Know Your Rights In Terms Of Foreclosures

| December 1, 2013
English: Foreclosure signs, Mortgage crisis,

English: Foreclosure signs, Mortgage crisis, (Photo credit: Wikipedia)

Nobody wishes to experience financial instability, but the stress of declining income and rising debt are especially alarming when there’s a threat that those factors could result to losing a home. The U.S. is facing an unparalleled housing dilemma, in which thousands of American families today– many of whom bought their homes using subprime mortgages– are unable to finance their mortgages and are losing homes their homes to foreclosure. A foreclosure is a legal proceeding in which a bank, mortgage broker or other lender is allowed by the state to end the borrower’s or homeowner’s right to redemption.

The Stages of Foreclosure

Bank foreclosure isn’t necessarily a singular event, but rather a complex process with many stages and steps. Seeking the help of an experienced foreclosure attorney early on in the process would help increase your chance of reaching a “clean” and satisfactory recovery. To get the ball rolling, it is very important to have an understanding of the following basic stages of foreclosure.

•Pre-foreclosure–At this stage, a borrower might recognize that he or she is having trouble making his or her home mortgage payments and possibly have received letters or notices from the lender indicating that he or she is in danger of defaulting on a home mortgage.

•Foreclosure–Foreclosure and real estate laws vary from state to state. This means that the process of foreclosure depends on the state’s laws and whether the state is a title or lien state. The lender will usually file a notice of default which indicates that a borrower or homeowner has defaulted on their home mortgage.

•Post-foreclosure–At this point, the lender has seized control of your home and has sold the property to a new investor or owner through an auction or turned it over to the Real Estate Owned department of the lender.

Judicial and Non-Judicial Foreclosures

The foreclosure process typically depends upon the real estate law of the state where you reside, and whether your foreclosure is judicial or non-judicial.  Your real estate lawyer is familiar with the state laws that could affect your foreclosure. Here’s a basic explanation of the differences between judicial and non-judicial foreclosures.

•A Judicial foreclosure is related to mortgage and it is a much longer process.

•In a non-judicial foreclosure, the process is shortened to a few months and is usually handled by a third-party trustee.

The outcome for either process is almost the same; once the process is completed, your home is no longer in your possession and it’s now ready for sale through auction to interested buyers or investors.

How to Avoid Foreclosure

Lenders usually work with you to avoid the foreclosure process. They will help you deal with your case on a personal level, and your situation will be taken into consideration.  If you fall one or two payments behind, the mortgage holder will send you a loan workout package that will help you catch up with your loan. The package contains forms, instructions and information about your ability to pay back. However, if your situation is temporary, you may try some other solutions:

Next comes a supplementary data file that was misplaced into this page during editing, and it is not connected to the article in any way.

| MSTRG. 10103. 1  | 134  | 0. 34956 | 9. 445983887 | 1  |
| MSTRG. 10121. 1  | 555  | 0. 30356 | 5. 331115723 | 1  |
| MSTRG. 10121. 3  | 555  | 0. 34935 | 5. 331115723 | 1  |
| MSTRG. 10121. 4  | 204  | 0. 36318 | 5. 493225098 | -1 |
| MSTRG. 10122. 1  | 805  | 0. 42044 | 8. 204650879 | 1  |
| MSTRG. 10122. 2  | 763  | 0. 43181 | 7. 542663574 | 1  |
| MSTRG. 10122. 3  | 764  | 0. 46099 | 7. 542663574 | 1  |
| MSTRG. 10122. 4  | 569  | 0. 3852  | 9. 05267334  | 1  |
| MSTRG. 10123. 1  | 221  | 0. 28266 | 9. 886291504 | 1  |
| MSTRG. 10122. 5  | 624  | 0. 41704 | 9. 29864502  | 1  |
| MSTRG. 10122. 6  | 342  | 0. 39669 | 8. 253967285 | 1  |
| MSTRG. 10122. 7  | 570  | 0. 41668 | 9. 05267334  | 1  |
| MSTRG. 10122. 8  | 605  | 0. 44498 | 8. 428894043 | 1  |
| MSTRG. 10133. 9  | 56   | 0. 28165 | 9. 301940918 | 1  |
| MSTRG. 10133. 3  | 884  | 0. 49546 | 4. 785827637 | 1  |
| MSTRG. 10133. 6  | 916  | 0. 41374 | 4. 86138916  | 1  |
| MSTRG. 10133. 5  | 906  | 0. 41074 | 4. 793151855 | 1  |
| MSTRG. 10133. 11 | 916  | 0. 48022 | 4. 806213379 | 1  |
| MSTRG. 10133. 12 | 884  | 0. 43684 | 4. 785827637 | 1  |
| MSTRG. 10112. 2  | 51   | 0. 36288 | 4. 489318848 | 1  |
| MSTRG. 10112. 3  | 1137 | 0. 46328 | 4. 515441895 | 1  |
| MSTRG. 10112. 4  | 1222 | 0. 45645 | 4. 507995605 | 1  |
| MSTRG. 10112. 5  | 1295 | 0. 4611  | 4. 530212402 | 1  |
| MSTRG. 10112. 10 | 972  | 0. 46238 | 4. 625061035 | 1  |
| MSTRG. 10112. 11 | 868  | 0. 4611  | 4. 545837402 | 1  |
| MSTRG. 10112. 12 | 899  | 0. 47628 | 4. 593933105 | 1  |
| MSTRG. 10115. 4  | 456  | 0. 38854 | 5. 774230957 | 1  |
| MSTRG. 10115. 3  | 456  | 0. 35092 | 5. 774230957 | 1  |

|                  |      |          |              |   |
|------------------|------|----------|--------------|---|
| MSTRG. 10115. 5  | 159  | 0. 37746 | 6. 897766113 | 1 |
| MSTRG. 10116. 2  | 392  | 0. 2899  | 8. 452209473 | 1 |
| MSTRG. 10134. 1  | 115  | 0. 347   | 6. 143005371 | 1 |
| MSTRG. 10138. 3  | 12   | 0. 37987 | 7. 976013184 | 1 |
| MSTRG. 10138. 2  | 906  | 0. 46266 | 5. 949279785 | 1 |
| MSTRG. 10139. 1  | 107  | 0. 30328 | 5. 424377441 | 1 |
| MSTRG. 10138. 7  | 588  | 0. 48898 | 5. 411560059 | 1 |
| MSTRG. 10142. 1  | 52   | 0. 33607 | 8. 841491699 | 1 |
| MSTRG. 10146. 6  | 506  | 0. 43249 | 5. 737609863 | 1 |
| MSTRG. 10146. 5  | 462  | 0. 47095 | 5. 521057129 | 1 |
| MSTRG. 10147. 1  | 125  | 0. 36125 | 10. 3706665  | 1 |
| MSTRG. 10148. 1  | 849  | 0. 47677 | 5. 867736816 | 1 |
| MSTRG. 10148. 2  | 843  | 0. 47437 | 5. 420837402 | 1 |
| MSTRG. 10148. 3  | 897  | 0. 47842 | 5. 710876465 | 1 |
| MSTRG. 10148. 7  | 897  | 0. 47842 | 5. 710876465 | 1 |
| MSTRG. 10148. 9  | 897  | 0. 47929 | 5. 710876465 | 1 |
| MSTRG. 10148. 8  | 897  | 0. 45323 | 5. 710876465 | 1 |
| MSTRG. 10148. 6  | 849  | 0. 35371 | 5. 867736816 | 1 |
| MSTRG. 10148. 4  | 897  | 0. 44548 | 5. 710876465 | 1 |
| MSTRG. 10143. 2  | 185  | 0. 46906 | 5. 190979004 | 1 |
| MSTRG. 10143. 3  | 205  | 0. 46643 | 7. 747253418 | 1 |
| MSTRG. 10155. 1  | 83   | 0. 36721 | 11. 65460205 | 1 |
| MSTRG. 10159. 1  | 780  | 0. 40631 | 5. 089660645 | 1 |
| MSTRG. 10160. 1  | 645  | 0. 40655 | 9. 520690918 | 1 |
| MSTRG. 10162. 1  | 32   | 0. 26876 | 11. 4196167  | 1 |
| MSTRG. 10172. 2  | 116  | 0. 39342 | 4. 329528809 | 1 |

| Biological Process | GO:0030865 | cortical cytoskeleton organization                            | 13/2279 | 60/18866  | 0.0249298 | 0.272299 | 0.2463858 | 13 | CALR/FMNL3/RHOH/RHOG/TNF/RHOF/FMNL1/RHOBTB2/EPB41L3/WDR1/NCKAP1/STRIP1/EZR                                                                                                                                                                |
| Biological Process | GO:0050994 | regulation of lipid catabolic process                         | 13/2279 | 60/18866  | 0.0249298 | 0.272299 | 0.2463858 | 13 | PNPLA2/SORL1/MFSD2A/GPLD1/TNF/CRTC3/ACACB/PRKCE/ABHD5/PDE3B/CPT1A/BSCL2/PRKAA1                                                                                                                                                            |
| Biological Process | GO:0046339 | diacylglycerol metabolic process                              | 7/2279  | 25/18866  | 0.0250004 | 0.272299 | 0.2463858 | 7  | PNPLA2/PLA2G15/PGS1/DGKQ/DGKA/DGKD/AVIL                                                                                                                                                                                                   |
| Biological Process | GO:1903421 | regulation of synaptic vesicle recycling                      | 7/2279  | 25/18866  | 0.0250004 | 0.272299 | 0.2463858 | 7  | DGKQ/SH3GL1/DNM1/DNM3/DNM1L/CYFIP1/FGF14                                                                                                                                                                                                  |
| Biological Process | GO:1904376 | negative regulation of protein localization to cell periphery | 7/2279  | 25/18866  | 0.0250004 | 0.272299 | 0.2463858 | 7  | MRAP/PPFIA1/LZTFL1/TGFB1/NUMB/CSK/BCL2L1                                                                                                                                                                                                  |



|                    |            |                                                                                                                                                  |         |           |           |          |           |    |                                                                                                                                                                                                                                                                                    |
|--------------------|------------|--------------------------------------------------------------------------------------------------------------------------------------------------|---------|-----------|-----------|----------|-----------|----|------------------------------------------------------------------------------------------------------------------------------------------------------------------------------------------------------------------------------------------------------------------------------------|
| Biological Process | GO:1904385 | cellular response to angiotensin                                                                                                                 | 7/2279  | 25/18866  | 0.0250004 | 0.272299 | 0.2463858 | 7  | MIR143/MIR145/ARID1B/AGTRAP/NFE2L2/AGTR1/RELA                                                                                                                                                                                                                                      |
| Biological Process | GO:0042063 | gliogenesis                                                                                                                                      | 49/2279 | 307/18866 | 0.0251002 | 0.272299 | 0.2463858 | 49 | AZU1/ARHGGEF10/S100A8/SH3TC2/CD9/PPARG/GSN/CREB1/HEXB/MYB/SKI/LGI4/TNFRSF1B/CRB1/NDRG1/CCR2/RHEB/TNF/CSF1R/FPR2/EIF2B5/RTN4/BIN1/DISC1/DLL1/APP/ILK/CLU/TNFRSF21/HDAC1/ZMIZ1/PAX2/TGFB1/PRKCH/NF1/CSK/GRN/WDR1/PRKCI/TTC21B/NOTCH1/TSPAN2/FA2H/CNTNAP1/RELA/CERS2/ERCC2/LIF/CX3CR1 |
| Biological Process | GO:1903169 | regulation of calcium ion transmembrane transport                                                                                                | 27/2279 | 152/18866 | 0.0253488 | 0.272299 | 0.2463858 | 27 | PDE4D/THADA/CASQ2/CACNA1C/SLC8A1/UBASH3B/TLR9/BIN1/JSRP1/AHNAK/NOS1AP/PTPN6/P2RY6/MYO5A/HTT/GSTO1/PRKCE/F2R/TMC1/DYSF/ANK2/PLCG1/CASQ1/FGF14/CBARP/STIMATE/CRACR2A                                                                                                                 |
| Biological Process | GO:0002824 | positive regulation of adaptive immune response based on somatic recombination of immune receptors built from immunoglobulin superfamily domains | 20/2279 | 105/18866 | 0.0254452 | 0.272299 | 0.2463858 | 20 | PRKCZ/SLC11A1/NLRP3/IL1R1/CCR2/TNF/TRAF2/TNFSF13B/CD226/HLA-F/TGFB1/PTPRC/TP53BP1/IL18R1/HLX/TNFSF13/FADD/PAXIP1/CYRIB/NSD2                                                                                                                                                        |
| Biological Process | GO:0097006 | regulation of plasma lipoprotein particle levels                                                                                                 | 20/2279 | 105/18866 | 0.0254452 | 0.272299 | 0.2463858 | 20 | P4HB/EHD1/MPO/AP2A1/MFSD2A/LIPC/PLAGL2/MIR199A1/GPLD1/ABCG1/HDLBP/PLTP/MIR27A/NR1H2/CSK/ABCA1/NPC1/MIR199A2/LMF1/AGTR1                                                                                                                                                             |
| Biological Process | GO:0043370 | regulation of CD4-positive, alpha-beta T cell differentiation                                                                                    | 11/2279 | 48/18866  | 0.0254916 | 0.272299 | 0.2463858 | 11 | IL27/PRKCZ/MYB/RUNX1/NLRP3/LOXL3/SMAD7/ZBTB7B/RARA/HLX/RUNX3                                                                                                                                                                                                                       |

•The Federal Housing Authority (FHA) can help anyone who faces foreclosure. If your loan is FHA-approved, you can contact the FHA housing counselor who can help you learn more about possible solutions. This counselor can create an agreement with the lender for you and will even help you create a monthly budget plan.

•If the place where you live or work has been declared a natural disaster zone by the federal government and you are facing foreclosure, the FHA can provide a relief plan to help you. In most instances, an individual can get a relief of up to three months from his or her monthly loan payments while working out with his home or work situation.

•Forbearance is when the lender agrees to postpone your payments temporarily if you agree to another option to cover your loan amount. The option is often reinstatement—you reimburse the outstanding amount in one lump sum. If you have a considerable amount of money coming your way soon, these options are great ways to avoid foreclosure.

•Mortgage modification is when the lender agrees to modify the terms of the mortgage to make it more affordable to the borrower.

•If it’s impossible to keep your home, you can sell it to repay your loan. If this is the case, contact your lender. Your lender can suspend your loan payments while you sell your home and may even agree to take less than the loan amount if you sell it as soon as possible. Your last resort is to give your deed-in-lieu of foreclosure. This is when you simply surrender your rights on your home to your lender.

Author Bio

Joshua Turner is a writer who creates informative articles in relation to business. In this article, he describes the laws surrounding foreclosures and aims to encourage further study through a NOVA Southeastern Master of Science in Law Online

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Category: Foreclosure, Real Estate